Method for Manufacturing Product (Dental Crown) Found to be Patent Eligible
By Joseph Herndon --
Zircore sued Straumann Manufacturing for patent infringement in the U.S. District Court for the Eastern District of Texas (Marshall Division) of three patents including U.S. Patent No. 7,967,606. Straumann moved to dismiss Zircore's allegations with respect to the '606 patent for failure to state a claim, contending that the '606 patent claims are not patent eligible under 35 U.S.C. § 101. The Court denied the motion and found that the '606 patent was not directed to an abstract idea, but alternatively, was directed to a method of manufacturing physical crown copings for prosthodontics. This was found to be necessarily rooted in the physical world.
The '606 Patent
When a patient requires a tooth replacement, a three-dimensional model of the patient's mouth is prepared. Using the model of the patient's mouth, a lab technician will fit a metal portion of an abutment into an appropriate location in the model. The model will then be scanned. The scan provides data about an orientation of a metal insert within the model of the mouth and also data about the existing teeth surrounding the position of the abutment. The data from the scan, along with stored data about the standard shape of the metal insert to which the ceramic portion is to be mounted, is used to determine and design the appropriate shape for the ceramic portion of the abutment. At the same time, the shape of the coping is internally designed, using the data so that the coping will fit over the designed ceramic portion of the abutment.
The invention includes designing the coping and infrastructure by first determining the shape and orientation of the final crown, subtracting a thickness for the crown from the shape to determine the shape and orientation of a coping, and subtracting a thickness for the coping to form the shape and orientation of an abutment.
The invention allows both the coping at the ceramic portion of the abutment to be manufactured from a single block, significantly reducing the amount of material required. In addition, the inventive system significantly reduces the amount of labor necessary to manufacture the coping and the abutment. Because the abutment is custom manufactured, a superior mounting surface is achieved, regardless of the orientation of the metal insert with the mouth.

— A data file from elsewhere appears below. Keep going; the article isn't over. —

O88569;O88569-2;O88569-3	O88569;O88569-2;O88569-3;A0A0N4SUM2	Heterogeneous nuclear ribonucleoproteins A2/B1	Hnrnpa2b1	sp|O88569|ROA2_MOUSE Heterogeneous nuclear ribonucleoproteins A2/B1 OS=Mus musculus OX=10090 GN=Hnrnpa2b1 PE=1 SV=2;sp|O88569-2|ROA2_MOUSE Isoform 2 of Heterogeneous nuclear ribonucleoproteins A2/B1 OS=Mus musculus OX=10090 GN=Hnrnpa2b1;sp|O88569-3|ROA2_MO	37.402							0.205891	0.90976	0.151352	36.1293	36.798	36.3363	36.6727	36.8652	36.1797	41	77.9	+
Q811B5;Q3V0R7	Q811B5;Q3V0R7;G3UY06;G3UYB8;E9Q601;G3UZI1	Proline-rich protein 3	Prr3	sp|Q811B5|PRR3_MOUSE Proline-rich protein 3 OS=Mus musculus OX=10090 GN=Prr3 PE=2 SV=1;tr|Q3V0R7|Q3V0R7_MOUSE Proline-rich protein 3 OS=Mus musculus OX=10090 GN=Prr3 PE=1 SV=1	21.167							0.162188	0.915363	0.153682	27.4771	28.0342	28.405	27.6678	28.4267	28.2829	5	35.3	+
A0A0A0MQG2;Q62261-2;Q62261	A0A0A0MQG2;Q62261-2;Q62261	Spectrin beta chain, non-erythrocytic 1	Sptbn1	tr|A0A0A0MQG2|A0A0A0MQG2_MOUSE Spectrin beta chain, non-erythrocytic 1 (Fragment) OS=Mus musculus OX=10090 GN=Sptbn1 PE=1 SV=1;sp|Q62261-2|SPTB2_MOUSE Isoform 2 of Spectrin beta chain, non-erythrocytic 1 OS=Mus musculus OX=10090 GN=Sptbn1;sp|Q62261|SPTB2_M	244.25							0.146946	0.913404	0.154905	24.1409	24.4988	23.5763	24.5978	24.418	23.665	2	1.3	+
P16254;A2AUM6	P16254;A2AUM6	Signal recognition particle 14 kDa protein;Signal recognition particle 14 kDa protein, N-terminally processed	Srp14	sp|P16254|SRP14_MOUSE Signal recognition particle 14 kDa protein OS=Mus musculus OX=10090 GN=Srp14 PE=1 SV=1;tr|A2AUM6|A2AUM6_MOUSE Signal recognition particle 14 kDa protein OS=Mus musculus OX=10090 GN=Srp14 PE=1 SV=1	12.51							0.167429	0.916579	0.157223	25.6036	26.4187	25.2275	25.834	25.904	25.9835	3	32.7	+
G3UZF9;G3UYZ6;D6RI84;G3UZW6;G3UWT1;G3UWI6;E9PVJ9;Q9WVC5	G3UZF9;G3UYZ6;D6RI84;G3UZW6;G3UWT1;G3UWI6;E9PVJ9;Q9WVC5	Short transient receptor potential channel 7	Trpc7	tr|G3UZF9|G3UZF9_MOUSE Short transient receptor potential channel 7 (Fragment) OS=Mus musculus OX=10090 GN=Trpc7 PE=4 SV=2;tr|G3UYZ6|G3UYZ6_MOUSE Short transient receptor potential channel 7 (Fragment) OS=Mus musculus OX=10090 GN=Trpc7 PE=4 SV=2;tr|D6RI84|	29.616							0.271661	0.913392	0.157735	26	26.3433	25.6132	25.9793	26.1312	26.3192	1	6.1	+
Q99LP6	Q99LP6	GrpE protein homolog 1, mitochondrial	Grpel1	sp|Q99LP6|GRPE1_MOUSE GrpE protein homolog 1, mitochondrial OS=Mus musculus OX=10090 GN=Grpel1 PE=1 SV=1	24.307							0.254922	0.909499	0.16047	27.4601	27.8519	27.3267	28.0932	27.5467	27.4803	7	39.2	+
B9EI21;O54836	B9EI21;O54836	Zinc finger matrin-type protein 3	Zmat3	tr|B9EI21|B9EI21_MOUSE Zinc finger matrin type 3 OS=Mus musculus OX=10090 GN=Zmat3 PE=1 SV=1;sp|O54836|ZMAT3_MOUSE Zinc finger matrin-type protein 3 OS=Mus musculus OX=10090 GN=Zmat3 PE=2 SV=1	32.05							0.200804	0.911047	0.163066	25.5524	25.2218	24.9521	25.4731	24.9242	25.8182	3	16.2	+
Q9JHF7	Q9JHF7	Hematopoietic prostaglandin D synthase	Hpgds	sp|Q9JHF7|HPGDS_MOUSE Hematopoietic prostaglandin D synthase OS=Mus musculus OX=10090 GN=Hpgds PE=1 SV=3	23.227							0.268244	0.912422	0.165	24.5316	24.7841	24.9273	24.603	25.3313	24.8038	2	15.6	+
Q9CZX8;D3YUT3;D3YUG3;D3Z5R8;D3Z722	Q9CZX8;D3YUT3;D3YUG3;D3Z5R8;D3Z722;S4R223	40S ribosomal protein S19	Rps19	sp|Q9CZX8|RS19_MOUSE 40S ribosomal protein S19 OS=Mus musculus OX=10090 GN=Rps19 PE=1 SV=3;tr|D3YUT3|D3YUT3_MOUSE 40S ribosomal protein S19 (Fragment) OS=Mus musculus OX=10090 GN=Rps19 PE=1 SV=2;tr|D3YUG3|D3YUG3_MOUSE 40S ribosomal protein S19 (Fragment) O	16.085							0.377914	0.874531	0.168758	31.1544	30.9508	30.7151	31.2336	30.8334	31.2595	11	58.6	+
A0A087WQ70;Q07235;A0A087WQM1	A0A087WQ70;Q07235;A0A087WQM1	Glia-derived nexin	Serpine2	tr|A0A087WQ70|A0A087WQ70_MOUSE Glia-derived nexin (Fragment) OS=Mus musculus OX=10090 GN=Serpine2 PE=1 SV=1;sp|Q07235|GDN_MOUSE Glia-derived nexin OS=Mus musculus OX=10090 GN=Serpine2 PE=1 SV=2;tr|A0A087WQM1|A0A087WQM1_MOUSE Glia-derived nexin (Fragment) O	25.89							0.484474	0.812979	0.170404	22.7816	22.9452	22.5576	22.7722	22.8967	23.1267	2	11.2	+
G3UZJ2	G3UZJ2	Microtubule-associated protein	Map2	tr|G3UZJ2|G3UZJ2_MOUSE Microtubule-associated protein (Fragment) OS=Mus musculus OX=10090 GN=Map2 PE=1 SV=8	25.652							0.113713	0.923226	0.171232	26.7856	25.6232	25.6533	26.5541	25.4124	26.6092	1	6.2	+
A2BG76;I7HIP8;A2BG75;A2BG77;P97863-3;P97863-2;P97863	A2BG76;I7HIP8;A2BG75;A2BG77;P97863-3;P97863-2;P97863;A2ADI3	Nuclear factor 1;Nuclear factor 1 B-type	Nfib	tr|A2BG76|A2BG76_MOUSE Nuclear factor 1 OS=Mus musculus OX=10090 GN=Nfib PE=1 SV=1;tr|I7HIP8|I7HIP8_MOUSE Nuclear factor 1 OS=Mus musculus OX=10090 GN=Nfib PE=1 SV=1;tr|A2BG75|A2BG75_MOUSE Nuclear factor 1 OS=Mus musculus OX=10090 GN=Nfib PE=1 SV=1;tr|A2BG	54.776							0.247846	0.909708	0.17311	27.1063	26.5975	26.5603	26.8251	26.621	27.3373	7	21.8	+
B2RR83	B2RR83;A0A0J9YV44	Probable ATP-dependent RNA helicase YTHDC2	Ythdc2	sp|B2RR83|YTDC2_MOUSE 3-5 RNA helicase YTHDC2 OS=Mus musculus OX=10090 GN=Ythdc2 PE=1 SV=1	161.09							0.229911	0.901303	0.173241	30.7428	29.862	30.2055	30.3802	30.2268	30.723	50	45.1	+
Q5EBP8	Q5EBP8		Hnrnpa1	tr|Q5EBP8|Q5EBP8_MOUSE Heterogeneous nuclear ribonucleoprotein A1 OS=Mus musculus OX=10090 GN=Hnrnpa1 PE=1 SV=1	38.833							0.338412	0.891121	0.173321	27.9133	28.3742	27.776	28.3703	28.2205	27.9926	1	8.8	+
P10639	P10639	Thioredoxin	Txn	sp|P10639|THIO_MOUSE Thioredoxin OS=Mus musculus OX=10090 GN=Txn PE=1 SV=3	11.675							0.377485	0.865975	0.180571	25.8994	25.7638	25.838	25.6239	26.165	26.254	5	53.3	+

Figure 2 of the '606 patent is reproduced below, and diagrammatically illustrates the manufacturing process.
1. A method of manufacturing custom crown copings and infrastructures comprising the steps of:
preparing a three-dimensional model of a patient's mouth;
fitting an implant abutment insert into the model;
storing data about the implant abutment insert standard size and shape in a file;
scanning the model while the implant abutment insert is in the model;
utilizing the implant abutment insert size data and data from said scanning step to determine and design a core to fit over the insert and at the same time determine and design a coping to fit over the core; and
manufacturing said core and said coping.
In assessing subject matter eligibility, a court must first determine whether the claims at issue are directed to a patent ineligible concept. If the claims are directed to an ineligible concept, the court must then consider the elements of each claim both individually and as an ordered combination to determine whether the additional elements transform the nature of the claim into a patent eligible application.
Straumann alleged that the claims are directed to the abstract idea of designing two components at the same time. This highly generic view of the claims was rejected by the Court.
The Court found that Straumann isolated two steps from the '606 patent claims, the combination of which is allegedly the point of novelty, and ignored the remainder of the claims. Contrary to Straumann's (Defendants) assertion, the '606 patent claims are directed to a method of manufacturing physical crown copings for prosthodontics.
The '606 patent describes a physical process for collecting information about a patient's mouth, preparing a three-dimensional model of the mouth, scanning the model, and on the basis of data collected from this process, manufacturing the custom crown coping. The Court found that the context of the patent as a whole suggests that the invention is rooted in the physical world.
The Defendants suggested that the claims, at least on their face, appear to include certain steps that could be construed as computerized steps, and thus steps that could arguably be carried out mentally. But the Defendants cited no authority for the proposition that a claim reciting a method of manufacturing becomes abstract simply because it includes modeling or involves the use of computerized data.
The Court found that the '606 patent claims look nothing like the claims found to be abstract in previous cases, including claims within the two major abstract categories -- those directed solely to collecting and analyzing information, and those involving fundamental economic and conventional business practices.
The Court appeared to take a realistic and pragmatic view of the claim, namely, that it is directed to manufacturing custom crown copings and infrastructures, which is necessarily rooted in in the physical world.
Accordingly, because the Court found that the '606 patent claims are not directed to an abstract idea, the Court found that Zircore had plausibly stated a claim for patent infringement and the motion was denied.
Report and Recommendation by Magistrate Judge Roy S. Payne